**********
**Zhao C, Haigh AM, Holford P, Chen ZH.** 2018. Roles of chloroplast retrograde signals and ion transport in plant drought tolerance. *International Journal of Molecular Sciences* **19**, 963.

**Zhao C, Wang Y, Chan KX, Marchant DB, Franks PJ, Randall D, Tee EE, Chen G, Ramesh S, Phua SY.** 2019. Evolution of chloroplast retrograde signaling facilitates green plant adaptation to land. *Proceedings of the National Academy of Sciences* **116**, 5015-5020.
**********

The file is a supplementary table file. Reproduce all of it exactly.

**Zhao C, Haigh AM, Holford P, Chen ZH.** 2018. Roles of chloroplast retrograde signals and ion transport in plant drought tolerance. *International Journal of Molecular Sciences* **19**, 963.

**Zhao C, Wang Y, Chan KX, Marchant DB, Franks PJ, Randall D, Tee EE, Chen G, Ramesh S, Phua SY.** 2019. Evolution of chloroplast retrograde signaling facilitates green plant adaptation to land. *Proceedings of the National Academy of Sciences* **116**, 5015-5020.